Q: Our neighborhood is overrun with rabbits this year. How can I keep them from eating my plants? Do mothballs work?



A: There do seem to be a lot of rabbits in some neighborhoods this summer. In my yard, I think I’m seeing three generations: big bunnies, medium-sized bunnies, and tiny bunnies. We used to have a fox hanging around, but it seems to have moved on, and the rabbits are taking full advantage.



The best deterrent against rabbits is a fence made of hardware cloth (chicken wire). It needs to have small openings – no bigger than 1 inch – so rabbits can’t wiggle through, and it needs to be buried 3 to 6 inches deep so they can’t tunnel under. If you don’t want to fence your whole yard, you could consider putting a cylinder of fencing around a plant, shrub or tree you particularly care about.



If fencing isn’t practical, repellents can be effective. Commercial and some homemade repellents do help keep rabbits (and deer) from chewing on plants, but they aren’t foolproof. If the plant the critters are eating is a favorite, they may eat it no matter what you spray on it.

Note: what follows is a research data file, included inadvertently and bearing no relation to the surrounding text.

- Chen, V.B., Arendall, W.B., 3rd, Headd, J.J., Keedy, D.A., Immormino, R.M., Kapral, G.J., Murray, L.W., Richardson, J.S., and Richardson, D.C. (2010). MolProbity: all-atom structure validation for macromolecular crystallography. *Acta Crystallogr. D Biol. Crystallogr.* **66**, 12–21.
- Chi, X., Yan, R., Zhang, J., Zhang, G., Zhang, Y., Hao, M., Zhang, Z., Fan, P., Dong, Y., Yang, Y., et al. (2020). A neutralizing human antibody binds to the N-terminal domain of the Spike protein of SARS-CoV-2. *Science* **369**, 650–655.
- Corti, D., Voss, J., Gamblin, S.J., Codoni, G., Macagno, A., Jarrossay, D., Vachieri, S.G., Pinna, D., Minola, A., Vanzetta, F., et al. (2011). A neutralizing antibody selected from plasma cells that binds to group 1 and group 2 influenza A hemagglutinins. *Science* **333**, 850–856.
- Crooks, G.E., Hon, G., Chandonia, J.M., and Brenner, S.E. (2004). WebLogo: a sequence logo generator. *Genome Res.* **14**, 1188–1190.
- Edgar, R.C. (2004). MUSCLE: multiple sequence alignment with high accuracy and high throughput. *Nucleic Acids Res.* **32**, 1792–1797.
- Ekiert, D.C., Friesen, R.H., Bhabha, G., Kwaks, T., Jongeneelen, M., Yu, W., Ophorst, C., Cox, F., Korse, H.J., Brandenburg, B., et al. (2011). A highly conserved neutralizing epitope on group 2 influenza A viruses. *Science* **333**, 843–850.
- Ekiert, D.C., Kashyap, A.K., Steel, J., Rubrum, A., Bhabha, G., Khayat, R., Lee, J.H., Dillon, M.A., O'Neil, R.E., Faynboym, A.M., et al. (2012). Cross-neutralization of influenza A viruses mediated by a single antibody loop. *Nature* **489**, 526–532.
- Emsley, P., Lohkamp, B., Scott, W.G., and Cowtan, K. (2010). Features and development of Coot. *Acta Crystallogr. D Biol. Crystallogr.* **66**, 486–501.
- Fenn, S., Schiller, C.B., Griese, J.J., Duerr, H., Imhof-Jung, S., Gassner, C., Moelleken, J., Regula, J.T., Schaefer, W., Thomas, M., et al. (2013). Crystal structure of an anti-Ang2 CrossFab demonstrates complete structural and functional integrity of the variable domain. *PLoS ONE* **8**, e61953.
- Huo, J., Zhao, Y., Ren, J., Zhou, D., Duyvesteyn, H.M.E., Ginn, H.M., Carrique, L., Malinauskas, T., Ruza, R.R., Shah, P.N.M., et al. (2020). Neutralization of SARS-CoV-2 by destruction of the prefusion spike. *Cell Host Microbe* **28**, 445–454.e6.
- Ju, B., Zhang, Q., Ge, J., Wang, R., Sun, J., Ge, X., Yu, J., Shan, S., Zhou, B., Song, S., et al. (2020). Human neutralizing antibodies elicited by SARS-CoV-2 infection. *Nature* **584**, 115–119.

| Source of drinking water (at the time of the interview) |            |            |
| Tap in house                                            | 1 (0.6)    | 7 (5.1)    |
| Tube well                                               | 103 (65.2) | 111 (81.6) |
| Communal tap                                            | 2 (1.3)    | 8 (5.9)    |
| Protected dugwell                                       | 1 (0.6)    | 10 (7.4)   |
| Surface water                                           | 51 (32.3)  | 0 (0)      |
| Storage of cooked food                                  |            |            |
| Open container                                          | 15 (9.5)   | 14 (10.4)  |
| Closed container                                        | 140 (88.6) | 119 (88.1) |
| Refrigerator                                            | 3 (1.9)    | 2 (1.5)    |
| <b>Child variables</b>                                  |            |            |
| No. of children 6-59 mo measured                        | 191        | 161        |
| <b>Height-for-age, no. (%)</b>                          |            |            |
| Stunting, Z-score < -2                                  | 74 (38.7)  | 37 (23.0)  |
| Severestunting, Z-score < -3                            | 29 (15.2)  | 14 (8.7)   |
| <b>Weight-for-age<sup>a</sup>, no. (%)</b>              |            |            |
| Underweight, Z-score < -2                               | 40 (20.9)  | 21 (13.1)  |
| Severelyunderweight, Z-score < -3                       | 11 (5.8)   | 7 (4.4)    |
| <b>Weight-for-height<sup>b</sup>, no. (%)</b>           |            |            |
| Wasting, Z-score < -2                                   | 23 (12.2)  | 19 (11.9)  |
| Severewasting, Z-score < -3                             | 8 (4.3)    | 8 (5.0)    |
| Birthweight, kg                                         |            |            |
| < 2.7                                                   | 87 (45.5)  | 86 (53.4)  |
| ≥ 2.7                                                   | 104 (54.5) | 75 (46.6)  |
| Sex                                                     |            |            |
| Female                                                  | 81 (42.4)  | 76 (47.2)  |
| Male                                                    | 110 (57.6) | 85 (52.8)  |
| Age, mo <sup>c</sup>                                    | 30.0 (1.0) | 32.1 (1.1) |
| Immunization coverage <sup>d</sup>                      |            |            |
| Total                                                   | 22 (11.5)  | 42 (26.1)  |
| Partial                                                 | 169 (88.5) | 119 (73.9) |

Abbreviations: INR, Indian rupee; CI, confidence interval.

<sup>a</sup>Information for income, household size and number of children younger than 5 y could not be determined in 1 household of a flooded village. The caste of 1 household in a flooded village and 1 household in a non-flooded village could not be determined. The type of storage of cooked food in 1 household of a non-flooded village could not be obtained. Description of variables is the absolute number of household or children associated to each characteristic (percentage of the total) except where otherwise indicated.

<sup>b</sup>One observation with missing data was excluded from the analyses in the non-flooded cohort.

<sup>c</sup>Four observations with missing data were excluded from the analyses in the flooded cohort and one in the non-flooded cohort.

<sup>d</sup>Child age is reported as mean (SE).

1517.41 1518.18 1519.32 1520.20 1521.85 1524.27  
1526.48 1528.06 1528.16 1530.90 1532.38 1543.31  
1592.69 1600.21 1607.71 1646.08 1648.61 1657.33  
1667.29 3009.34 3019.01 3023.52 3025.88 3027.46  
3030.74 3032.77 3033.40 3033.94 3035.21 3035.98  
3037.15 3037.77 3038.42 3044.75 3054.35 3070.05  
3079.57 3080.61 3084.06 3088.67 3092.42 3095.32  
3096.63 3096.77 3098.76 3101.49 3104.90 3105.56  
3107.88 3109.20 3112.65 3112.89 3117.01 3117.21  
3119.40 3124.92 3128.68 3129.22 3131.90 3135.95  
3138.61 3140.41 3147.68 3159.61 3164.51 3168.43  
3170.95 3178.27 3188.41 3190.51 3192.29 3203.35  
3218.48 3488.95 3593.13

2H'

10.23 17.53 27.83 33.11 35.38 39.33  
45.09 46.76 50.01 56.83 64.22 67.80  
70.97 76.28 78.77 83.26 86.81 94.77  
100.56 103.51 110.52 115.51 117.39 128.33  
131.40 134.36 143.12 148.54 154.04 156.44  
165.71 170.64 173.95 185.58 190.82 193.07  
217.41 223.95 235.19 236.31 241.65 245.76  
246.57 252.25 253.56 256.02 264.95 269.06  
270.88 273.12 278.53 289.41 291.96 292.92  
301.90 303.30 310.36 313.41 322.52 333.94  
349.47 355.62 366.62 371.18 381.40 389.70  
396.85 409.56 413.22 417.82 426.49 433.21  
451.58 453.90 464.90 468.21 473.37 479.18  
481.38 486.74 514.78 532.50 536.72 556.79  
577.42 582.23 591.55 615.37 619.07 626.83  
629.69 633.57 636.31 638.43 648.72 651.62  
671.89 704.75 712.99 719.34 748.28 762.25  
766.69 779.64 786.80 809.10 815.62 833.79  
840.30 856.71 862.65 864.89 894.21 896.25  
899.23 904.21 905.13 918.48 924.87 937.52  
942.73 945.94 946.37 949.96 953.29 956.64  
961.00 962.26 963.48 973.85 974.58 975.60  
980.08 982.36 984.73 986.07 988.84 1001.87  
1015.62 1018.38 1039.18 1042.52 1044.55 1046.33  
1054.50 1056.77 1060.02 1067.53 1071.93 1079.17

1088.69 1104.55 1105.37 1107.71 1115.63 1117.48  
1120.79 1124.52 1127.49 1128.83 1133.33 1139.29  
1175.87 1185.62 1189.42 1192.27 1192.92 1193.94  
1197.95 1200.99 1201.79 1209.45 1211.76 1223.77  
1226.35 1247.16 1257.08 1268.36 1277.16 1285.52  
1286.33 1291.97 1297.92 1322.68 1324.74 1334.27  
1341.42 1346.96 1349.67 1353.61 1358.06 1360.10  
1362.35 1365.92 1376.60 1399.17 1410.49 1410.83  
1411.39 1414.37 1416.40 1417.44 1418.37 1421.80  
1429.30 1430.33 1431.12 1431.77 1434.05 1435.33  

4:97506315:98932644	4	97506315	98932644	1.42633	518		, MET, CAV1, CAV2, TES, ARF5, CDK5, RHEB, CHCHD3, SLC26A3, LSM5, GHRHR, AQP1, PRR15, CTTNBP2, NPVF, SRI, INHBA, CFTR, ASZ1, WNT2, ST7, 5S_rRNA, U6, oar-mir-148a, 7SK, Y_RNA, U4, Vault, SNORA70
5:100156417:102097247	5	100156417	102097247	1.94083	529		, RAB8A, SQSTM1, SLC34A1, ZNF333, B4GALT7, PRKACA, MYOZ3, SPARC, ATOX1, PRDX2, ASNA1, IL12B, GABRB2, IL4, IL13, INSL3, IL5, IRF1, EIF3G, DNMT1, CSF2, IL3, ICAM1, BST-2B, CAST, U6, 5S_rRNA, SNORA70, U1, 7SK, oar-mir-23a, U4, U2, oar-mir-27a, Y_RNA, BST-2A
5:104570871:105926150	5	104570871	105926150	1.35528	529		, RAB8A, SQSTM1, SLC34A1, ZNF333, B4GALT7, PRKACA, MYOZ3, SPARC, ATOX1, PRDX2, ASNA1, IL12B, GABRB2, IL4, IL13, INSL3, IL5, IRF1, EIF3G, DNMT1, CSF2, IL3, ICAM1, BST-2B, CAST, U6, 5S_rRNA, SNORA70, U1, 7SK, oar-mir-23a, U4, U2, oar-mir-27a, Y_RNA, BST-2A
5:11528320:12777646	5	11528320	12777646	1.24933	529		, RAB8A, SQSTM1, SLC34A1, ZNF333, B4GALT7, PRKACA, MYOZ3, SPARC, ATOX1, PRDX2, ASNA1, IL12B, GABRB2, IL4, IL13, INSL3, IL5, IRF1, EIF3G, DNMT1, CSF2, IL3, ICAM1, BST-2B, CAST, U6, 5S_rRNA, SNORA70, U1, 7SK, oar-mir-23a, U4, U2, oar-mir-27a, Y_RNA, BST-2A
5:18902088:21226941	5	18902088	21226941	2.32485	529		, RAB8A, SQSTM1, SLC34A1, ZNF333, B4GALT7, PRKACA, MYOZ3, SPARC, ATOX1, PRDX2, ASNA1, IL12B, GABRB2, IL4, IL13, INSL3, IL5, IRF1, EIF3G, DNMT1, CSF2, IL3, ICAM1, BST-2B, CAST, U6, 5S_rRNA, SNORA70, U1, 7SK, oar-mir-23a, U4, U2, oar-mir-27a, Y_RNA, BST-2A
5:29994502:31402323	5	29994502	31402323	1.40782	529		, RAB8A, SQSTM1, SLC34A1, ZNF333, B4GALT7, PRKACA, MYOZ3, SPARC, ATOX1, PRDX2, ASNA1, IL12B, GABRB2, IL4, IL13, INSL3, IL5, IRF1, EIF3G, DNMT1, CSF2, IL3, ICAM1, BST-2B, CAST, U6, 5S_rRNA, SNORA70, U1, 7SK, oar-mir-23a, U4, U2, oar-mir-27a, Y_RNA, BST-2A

Most repellents need to be reapplied after it rains. It’s a good idea to change repellents periodically, in case the animals start to get used to the one you’re using. Remember that most repellents are meant for ornamental plants, not for anything you were planning to eat. Read the label before spraying anything.



If you want to make your own repellent, you can try whipping three eggs in water, adding enough water to make a gallon, straining the mixture, and putting it in a sprayer. Spray the leaves of your plant thoroughly. This mixture has been fairly effective against deer in studies, and it may work with rabbits, too. Interestingly, research also shows that adding other smelly ingredients to this concoction may make it less effective, not more effective, because other smells may mask the egg smell. If you don’t use the mixture up right away, it’s going to get stinky. You can still use it, but wear gloves, don’t get it on your clothes, and don’t spray it right before a garden party. Reapply every two weeks and after it rains.



There are a lot of other ideas floating around the Internet for various substances that will purportedly deter rabbits. You can experiment with things like human or animal hair, red pepper, blood meal, or marigolds, but don’t rely on these methods to protect a plant that has a lot of value for you. We do not recommend using mothballs or Epsom salt in the garden.

Written by U of M Extension Master Gardeners in St. Louis County. Send your questions to features@duluthnews.com.